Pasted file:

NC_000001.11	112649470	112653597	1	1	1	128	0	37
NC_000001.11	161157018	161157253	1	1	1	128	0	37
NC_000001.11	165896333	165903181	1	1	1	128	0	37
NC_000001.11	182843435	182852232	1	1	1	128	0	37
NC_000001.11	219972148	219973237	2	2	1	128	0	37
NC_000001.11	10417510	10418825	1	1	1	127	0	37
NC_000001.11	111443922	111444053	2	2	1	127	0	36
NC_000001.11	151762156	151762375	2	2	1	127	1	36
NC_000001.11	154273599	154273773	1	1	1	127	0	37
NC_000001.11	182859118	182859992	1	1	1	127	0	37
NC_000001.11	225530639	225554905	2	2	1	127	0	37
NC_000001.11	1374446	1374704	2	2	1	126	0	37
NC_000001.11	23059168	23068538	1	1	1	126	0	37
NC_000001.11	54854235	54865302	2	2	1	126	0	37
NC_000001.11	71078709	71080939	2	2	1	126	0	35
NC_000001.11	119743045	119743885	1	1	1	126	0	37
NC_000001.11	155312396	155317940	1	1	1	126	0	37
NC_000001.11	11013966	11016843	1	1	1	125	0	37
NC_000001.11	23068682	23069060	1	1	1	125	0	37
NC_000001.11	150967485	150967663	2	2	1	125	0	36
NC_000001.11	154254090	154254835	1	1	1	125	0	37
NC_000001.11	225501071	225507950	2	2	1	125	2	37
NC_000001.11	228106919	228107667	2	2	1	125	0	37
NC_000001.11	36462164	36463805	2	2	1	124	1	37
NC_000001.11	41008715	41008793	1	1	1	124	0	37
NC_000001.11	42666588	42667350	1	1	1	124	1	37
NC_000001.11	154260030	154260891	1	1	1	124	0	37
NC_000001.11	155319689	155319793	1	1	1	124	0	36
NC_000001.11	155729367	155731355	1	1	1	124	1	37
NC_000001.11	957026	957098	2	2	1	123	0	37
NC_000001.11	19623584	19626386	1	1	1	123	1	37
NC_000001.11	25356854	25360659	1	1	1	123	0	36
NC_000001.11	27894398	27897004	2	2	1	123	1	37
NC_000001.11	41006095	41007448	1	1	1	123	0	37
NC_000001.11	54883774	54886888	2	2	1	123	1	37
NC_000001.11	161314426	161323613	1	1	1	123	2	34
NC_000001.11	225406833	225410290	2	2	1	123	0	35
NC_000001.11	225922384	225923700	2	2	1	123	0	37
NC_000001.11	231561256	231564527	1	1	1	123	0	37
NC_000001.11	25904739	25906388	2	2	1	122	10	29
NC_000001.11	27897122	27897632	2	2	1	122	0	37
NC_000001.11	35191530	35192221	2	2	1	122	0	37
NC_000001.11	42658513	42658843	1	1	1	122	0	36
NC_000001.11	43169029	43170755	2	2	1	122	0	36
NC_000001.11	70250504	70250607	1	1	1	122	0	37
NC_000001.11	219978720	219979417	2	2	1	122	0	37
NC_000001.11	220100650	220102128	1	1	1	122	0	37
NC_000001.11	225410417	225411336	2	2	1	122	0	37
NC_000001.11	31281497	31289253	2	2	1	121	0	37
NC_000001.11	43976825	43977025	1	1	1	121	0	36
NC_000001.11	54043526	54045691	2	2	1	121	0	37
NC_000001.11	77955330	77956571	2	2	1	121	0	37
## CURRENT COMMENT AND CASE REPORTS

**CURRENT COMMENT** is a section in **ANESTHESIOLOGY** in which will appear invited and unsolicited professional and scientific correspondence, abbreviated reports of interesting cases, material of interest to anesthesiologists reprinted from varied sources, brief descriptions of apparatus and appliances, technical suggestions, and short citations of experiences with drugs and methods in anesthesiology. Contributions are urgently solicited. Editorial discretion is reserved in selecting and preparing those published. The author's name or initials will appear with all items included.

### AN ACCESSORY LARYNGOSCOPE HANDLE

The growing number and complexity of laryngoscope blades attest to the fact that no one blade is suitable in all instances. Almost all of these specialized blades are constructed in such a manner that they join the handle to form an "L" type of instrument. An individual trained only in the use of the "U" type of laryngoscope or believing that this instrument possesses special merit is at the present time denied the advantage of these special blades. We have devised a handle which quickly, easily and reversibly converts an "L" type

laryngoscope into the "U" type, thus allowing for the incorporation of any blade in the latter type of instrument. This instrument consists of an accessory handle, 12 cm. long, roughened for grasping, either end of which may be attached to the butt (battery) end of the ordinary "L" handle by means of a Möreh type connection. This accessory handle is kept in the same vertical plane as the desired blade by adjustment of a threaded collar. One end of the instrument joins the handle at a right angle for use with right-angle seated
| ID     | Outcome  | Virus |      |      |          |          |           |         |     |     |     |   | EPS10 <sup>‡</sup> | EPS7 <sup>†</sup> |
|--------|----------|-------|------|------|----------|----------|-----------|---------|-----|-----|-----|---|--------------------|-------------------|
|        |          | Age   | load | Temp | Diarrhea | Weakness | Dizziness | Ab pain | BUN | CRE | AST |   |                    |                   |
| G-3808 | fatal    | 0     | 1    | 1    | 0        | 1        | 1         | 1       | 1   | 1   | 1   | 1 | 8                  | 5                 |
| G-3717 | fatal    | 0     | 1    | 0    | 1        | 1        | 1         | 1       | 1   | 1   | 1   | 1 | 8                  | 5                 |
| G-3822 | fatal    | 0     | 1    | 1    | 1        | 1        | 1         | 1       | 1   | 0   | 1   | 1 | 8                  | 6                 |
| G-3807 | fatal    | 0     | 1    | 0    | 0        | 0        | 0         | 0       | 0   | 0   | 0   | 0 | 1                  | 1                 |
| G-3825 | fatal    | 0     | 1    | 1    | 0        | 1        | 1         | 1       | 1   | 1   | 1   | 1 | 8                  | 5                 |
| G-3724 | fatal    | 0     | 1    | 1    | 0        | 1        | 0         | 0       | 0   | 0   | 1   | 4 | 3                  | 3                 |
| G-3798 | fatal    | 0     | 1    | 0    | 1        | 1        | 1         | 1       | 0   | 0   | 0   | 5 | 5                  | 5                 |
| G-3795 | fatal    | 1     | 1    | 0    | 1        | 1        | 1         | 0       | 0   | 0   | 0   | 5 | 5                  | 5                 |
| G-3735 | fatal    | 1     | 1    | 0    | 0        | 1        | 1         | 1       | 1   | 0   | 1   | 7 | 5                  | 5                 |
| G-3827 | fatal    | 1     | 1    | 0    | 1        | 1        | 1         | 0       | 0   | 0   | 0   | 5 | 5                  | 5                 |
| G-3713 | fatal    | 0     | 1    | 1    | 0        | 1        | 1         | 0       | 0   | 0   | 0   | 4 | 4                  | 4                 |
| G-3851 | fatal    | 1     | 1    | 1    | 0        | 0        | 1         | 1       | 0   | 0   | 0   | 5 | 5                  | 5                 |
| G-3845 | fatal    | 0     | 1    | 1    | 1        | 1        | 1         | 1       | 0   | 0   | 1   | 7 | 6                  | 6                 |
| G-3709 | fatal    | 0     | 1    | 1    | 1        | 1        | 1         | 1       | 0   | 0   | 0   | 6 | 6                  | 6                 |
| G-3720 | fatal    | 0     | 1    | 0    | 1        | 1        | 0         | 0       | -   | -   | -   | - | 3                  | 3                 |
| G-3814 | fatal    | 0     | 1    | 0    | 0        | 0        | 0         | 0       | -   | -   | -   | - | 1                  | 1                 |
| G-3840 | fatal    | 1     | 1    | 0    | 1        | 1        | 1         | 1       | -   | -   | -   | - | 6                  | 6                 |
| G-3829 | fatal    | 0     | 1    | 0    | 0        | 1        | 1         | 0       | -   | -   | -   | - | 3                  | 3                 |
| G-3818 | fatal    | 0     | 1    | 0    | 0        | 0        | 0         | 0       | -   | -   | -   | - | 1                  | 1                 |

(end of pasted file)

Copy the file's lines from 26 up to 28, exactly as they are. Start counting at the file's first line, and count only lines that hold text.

NC_000001.11	42666588	42667350	1	1	1	124	1	37
NC_000001.11	154260030	154260891	1	1	1	124	0	37
NC_000001.11	155319689	155319793	1	1	1	124	0	36